Natural-Born Griller

At Kōjin, chef Paula Navarrete goes back to her Colombian roots and plays with fire

Toronto’s new David Chang restaurant makes a convincing case for the renewed relevance of the steak house. It’s also a test of how far he can stretch his Momofuku brand. Back in 2012, when Chang opened his University Avenue complex, he was still a cult hero for his umami-jolted ramen and steamed pork buns. Now he’s a household name, with a ­Netflix series (Ugly Delicious), a podcast, a cookbook, a secretive culinary lab and ­bottled Ssäm Sauce. In a reversal of the usual chef story, the more famous he grows, the less his restaurants keep to his original formula. It’s all by design: Momofuku is defined by an attitude—high-low and punk-gourmet—not by Chang himself.

Chef Paula Navarrete.

Kōjin takes its name from the Japanese fire god, and replaces Daisho, which popularized platters of slow-roasted pork butt, and Shoto, where you sat at a counter and watched Chang’s cleverest disciples assemble pricy tasting-menu plates with tweezers. What was two rooms is now one, divided by a bar, Daisho’s tables and chairs replaced by leather banquettes, the room panelled in more wood than ­Conrad Black’s former library, and the lighting dimmed to a Raymond Chandler gloom.

What was two rooms is now one, divided by a bar.
This section is a bit moodier.

While there are traces of Chang’s influence across the menu, including a snack of green tomato, peach, corn and Asian pear pickled in white kimchee juice, and a sirloin beef tartare with mushroom XO sauce, the focus is squarely on South America, specifically Colombia, where head chef Paula Navarrete was born. Steaks aren’t new to ­Momofuku—Daisho served a $600 rib-eye for eight—but they were never as exciting as the Korean fried chicken or rice cakes with spicy Chinese sausage. Navarrete caught Chang’s attention as a sous-chef at Noodle Bar and rose fast. She knows fine cuts of meat (she worked at Sanagan’s for a spell) and is a master of the kitchen’s open, wood-fired grill. Most of the dishes include something that’s come into contact with it—zucchini, potatoes, even avocado.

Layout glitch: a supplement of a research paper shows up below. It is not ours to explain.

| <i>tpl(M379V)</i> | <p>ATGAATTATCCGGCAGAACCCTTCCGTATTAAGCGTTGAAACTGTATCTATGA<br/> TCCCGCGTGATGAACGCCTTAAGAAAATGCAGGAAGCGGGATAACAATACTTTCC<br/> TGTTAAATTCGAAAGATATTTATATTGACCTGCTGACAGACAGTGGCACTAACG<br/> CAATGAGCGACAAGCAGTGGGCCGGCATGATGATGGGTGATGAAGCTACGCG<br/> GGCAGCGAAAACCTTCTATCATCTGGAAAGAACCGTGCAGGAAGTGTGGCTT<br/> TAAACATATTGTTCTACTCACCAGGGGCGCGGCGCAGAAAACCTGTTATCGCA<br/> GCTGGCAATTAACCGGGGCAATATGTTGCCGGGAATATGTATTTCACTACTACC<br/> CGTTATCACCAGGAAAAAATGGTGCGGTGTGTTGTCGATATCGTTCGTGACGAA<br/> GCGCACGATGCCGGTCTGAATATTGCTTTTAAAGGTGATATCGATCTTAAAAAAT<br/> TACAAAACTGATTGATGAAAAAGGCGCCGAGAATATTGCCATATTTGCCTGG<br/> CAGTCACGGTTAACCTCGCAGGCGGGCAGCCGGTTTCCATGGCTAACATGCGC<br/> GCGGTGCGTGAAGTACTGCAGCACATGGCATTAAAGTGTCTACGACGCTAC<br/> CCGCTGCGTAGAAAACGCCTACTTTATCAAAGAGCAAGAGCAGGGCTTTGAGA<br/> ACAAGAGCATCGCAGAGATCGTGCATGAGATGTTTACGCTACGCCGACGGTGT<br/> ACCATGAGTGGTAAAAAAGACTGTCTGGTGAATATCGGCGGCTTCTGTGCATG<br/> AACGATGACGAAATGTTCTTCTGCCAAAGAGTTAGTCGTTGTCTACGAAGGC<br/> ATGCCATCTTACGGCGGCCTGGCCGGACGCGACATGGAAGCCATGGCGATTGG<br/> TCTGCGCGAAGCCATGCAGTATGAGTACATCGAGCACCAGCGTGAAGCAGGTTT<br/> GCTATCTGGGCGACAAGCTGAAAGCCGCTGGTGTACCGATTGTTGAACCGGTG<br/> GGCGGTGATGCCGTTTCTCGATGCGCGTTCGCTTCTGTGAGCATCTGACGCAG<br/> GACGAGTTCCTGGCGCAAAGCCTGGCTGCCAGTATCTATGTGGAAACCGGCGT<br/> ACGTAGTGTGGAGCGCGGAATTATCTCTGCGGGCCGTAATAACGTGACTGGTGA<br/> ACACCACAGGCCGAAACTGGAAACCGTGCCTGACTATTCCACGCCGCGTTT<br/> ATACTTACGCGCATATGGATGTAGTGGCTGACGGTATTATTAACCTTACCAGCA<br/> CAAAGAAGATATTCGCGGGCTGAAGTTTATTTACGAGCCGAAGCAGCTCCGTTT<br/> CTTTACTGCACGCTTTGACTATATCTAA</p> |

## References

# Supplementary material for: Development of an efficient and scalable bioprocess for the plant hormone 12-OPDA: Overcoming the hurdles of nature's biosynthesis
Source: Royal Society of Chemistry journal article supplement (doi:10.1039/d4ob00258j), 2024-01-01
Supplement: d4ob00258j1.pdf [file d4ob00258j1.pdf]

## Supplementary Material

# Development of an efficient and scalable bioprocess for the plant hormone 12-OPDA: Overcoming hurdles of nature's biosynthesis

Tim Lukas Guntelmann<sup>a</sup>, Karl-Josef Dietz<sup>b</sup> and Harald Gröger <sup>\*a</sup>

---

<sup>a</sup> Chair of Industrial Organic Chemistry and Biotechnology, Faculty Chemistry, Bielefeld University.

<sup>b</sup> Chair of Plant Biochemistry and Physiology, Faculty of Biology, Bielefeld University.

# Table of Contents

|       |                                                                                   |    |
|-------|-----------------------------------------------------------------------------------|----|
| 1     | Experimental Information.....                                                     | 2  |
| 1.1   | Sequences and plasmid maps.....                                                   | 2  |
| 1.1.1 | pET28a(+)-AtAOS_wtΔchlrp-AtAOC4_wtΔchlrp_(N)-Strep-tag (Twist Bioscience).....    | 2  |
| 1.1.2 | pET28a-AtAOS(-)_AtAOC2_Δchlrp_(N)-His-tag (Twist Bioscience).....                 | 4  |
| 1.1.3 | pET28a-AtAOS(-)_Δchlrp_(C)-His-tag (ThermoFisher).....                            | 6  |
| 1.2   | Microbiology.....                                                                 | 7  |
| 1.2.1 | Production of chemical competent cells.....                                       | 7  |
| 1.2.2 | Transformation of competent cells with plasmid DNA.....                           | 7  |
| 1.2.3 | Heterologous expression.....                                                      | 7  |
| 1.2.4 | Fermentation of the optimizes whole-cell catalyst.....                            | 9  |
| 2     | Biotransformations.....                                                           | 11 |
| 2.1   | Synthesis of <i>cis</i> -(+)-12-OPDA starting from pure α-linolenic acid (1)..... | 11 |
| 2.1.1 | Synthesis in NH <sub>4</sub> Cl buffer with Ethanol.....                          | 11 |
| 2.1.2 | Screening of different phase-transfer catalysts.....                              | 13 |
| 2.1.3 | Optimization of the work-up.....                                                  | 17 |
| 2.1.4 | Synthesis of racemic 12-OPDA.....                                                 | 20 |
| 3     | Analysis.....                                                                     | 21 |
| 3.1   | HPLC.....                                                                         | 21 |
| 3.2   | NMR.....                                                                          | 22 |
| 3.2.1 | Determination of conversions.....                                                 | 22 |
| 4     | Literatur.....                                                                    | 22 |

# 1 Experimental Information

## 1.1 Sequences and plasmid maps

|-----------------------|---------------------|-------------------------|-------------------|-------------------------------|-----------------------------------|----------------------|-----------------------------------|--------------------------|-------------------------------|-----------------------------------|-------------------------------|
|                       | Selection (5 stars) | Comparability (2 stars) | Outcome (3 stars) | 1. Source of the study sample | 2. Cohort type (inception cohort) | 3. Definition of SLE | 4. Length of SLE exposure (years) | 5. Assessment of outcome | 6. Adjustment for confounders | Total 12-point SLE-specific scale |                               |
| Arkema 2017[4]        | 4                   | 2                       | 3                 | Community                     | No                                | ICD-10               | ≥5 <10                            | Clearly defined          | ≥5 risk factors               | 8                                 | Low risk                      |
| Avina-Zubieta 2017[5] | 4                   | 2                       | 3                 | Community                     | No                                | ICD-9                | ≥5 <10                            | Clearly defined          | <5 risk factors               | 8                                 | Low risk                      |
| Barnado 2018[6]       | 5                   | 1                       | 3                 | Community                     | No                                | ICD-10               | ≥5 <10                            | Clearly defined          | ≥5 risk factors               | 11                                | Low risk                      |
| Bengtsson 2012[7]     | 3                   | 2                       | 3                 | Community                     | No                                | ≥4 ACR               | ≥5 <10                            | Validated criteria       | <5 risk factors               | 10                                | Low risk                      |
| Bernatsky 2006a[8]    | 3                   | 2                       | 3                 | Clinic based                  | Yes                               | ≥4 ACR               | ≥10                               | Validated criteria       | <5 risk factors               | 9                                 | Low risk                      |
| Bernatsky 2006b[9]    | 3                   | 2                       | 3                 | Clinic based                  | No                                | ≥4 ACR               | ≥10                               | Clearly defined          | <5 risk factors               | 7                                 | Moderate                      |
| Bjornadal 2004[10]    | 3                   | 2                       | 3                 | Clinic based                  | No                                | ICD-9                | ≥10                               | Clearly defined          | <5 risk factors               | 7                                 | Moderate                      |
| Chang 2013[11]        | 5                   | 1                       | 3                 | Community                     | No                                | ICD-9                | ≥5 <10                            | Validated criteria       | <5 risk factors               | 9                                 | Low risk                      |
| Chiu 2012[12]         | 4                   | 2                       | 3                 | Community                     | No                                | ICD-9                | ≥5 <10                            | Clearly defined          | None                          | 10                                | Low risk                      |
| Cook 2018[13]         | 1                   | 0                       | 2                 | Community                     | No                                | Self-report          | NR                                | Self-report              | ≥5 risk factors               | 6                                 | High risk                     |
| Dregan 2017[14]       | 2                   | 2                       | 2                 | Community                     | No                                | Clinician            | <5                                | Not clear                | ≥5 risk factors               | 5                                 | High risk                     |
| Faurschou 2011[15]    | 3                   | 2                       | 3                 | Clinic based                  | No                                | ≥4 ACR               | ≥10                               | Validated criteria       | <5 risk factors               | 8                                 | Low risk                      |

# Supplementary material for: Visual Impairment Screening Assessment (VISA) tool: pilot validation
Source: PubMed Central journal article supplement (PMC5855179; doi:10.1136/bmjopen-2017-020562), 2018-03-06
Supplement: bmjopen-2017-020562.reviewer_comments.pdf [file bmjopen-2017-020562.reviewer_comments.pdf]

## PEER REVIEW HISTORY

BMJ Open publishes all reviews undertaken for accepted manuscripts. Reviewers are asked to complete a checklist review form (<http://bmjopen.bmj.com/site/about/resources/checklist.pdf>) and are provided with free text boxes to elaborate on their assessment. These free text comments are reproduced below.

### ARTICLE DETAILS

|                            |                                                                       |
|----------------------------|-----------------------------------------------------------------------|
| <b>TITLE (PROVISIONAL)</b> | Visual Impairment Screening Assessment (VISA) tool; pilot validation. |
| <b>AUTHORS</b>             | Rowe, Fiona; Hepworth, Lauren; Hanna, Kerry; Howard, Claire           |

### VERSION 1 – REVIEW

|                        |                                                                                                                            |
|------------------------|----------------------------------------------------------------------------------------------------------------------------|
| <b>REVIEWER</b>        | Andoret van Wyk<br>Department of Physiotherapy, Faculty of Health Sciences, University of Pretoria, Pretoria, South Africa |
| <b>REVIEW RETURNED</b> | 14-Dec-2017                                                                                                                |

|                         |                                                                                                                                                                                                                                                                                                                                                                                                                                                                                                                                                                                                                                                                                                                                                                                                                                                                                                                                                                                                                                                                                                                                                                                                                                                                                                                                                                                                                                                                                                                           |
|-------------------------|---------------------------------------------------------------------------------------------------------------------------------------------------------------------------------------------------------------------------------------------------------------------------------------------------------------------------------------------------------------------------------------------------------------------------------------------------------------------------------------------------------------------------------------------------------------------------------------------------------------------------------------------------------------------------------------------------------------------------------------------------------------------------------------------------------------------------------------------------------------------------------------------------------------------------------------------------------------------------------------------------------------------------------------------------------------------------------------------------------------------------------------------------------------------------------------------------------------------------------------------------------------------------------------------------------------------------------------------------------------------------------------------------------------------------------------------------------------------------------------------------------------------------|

A salad of summer-fresh tomatoes, its flavour intensified with a slick of tomato vinegar.
A plate of Niagara prosciutto is served with pickled cherries and Navarrete’s flatbread, a cross between a Colombian arepa and a Chinese bing.

The scent of smoke hits you at Kōjin’s reception desk. It’s the start of a delicious sensory overload: a wine list heaving with 25 magnums, plus palate-challenging obscurities; a slick of tomato vinegar that radically intensifies the musky sweetness of the season’s first tomatoes; a hominy and cornmeal flatbread that’s equal parts Colombian arepa and crispy-spongy ­Chinese bing, fully addictive on its own but even better wrapped around Niagara prosciutto and pickled cherries; and especially the steaks, from bespoke, Ontario-raised Hereford-Angus cattle. My favourite was the rib-eye, mildly funky from 32 days of dry-aging, grilled to a magnificent, well-seasoned crust, a scoop of bone marrow butter the final note of excess. Navarrete serves it with a whole green chili, a forearm’s length and blackened from the grill, a dare on a plate.

The 14-ounce rib eye, dry-aged for 32 days and served with a giant green chili, is a dare on a plate.

I was most in awe of a side: for Tita’s Mash, named after the grandmother who inspired it, Navarrete whips fingerling potatoes with cheese curds and aged gouda until they’re airy as a cheesecake, then bakes them until they’re brown and bubbling. No conventional steak house spuds will ever satisfy again. The scent of the grill lingers on your clothes long after you’ve left—like you spent the night at a campfire. Whatever Chang’s Momofuku becomes, it stays with you.

Momofuku Kōjin ★★★★
190 University Ave., 3rd Floor, 647-253-6227,